Numerous polls have shown that Black Americans are more reluctant to get the COVID-19 vaccines than any other ethnic group in the United States.
An Associated Press/NORC Center for Public Affairs Research poll from early February says that Black Americans are less likely to say that they have received the shot or will receive it in the future than white Americans, 57% compared to 68%. According to an August/September poll by the Kaiser Family Foundation and The Undefeated, 70% of Black Americans believe that the medical industry discriminates against people based on race and ethnicity. These polls are concerning considering that Black Americans are three times more likely than whites to need hospitalization after contracting the virus, and almost twice as likely to die from the disease. To achieve herd immunity in the United States, 75% to 85% of the total population will need to be vaccinated.
Sadly, the low poll numbers make complete sense. The United States has a shocking and tragic history of performing dangerous medical experiments on Black populations. This history is not taught at most schools, and it almost seems too evil to be true.
Books such as “Medical Apartheid” by Hariet A. Washington, “Bad Blood” by James H. Jones, and “Caste” by Isabelle Wilkerson are great resources for educating oneself on this long, dark chapter in American history. Information from these three books will be cited throughout this article. These crimes are not just past episodes. The repercussions from these experiments are strongly felt today during the ongoing pandemic and vaccine rollout.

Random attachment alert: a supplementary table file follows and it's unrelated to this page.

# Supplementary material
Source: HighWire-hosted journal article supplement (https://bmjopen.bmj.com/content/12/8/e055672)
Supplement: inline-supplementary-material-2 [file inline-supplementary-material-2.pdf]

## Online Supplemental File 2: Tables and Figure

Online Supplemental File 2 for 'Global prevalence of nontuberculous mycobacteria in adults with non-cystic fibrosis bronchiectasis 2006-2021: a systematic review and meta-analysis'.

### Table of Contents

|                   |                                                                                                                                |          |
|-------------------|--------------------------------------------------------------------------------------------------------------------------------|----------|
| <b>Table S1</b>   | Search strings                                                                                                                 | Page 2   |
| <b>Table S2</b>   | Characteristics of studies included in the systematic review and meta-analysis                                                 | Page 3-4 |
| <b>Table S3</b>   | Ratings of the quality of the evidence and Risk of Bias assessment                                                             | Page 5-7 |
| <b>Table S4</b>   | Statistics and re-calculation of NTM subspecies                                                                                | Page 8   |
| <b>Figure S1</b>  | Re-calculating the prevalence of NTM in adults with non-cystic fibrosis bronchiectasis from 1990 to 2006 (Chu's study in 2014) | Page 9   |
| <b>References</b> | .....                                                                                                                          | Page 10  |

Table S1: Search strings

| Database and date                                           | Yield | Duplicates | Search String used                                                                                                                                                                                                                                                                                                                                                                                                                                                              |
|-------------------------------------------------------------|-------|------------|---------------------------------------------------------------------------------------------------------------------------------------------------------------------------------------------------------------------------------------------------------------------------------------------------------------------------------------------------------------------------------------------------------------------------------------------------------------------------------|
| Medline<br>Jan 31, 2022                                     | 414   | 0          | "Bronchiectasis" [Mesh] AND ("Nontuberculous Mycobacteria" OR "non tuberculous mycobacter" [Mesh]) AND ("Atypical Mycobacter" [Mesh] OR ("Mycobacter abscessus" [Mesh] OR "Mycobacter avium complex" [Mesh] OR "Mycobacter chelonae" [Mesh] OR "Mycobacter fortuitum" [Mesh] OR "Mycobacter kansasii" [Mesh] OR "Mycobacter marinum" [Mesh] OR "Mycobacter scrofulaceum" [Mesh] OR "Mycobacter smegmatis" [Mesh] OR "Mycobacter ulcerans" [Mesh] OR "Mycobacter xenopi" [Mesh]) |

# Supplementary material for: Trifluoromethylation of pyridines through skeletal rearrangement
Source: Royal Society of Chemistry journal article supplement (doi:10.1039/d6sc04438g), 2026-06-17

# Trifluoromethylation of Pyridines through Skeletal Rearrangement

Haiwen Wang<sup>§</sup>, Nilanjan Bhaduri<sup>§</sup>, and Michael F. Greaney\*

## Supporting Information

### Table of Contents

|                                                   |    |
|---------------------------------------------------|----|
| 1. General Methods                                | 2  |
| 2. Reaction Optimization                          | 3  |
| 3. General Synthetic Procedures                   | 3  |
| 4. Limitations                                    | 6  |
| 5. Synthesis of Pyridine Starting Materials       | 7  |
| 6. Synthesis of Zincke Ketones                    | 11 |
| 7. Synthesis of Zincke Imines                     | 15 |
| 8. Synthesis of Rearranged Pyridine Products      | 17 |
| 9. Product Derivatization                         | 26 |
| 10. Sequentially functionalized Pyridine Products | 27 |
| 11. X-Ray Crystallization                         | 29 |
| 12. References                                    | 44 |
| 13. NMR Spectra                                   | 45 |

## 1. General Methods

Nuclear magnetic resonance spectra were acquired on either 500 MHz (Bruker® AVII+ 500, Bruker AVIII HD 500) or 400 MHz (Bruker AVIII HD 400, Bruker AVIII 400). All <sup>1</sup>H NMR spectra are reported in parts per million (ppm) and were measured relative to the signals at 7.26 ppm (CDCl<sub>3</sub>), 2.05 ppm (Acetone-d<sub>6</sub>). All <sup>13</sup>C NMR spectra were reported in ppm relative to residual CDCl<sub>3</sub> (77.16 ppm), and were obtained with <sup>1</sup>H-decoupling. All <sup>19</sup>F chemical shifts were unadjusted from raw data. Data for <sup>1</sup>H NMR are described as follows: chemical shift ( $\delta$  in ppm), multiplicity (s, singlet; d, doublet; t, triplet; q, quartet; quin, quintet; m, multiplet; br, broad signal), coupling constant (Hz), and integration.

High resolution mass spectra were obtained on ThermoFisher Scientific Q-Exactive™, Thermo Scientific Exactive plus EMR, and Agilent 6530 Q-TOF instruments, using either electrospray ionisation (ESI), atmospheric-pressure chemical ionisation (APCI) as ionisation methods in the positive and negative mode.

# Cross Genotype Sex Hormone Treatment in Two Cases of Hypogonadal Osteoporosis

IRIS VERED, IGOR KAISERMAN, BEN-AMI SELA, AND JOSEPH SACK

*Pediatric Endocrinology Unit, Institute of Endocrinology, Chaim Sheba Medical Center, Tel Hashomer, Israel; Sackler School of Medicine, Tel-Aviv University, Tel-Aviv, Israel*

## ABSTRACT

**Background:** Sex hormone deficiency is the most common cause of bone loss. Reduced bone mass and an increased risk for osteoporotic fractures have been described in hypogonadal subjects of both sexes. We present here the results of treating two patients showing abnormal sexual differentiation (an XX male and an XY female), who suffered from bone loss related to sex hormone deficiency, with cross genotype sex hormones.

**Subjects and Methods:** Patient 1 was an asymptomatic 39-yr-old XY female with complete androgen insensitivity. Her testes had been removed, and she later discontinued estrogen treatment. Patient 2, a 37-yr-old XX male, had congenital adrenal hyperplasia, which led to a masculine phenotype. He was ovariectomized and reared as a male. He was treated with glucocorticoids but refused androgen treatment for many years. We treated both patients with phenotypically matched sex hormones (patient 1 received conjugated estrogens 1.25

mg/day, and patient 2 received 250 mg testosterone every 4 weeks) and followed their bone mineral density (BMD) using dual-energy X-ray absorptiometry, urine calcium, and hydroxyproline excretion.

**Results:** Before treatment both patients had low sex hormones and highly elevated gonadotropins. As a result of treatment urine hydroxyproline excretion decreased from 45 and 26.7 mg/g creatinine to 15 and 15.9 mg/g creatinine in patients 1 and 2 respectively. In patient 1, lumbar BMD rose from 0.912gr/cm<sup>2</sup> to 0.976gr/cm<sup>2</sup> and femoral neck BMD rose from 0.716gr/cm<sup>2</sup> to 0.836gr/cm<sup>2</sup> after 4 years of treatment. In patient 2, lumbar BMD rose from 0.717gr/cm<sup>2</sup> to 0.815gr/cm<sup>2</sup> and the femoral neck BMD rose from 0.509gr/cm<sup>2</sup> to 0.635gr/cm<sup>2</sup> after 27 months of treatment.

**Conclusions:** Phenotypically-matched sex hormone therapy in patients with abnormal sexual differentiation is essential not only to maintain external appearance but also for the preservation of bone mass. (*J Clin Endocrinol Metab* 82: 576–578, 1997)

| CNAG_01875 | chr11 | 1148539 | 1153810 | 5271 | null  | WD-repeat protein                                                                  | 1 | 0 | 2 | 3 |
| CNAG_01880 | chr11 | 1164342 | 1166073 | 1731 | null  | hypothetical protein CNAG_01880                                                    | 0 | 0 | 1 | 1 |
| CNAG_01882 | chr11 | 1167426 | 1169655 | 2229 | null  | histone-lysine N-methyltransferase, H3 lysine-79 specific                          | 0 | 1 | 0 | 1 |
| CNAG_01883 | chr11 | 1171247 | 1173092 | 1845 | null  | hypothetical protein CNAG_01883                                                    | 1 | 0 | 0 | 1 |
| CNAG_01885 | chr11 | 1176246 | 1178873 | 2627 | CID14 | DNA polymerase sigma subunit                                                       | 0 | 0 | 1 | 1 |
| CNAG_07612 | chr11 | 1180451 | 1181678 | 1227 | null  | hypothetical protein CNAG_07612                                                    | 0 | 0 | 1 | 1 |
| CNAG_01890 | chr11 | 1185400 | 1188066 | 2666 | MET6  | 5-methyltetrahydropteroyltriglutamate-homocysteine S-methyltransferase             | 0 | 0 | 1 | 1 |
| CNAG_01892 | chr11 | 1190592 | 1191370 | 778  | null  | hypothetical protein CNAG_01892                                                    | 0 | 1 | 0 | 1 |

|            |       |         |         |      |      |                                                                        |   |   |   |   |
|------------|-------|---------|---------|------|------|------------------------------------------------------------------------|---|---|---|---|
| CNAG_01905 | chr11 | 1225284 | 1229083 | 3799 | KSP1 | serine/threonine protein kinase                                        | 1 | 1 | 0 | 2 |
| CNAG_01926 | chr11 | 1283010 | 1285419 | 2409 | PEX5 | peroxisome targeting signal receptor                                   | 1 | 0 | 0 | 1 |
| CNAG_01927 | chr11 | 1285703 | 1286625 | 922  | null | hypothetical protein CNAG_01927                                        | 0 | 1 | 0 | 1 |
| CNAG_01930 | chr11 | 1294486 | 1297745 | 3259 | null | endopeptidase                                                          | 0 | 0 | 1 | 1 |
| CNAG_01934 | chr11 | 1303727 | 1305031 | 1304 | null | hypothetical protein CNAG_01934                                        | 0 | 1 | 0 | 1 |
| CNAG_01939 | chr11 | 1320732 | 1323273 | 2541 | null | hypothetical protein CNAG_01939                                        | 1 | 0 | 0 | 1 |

Many people wrongly assume that Black Americans have always been trepidatious towards medical systems. Enslaved Africans discovered and tested plants in the New World that cured ailments affecting blacks and whites alike. They introduced medicines, such as the stimulant kola nut, the main ingredient in Coca-Cola, to America. In 1721, during a smallpox epidemic in Boston, an enslaved African man named Onesimus gave his master, the minister Cotton Mather, the idea to inject people with a mild form of cowpox to provide immunity for smallpox. As a child in Africa, this was done to him and it seemingly protected him from the deadly disease. Mather listened to his slave, and after much public debate and experimentation, the smallpox inoculation was adopted by the Bostonians. It is considered to be the first great medical advancement of the New World. However, after centuries of medical abuses committed against enslaved Black, prisoners and citizens, many Black Americans are rightfully wary of the medical field, more so than other ethnicities that did not experience similar widespread trauma in the U.S.
In the Antebellum South, physicians often tested new vaccines and experimental medical techniques on enslaved Africans. In 1800, Thomas Jefferson tested the smallpox vaccine on 200 of his slaves at Monticello before administering it to his family. During a typhoid fever epidemic in 1832, Dr. Robert Jennings tested the smallpox vaccine on 30 enslaved Virginians and freedmen.
In 1846, Walter F. Jones of Petersberg, Virginia dumped boiling water on naked enslaved men repeatedly for several hours for typhoid pneumonia tests. Also in 1846, John M.B. Harden of Liberty County, Georgia published an article in the Southern Medical and Surgical Journal describing how he stripped blood vessels from the limbs of a “Negro” and “three hogs” to determine the relative areas of the branches of arteries.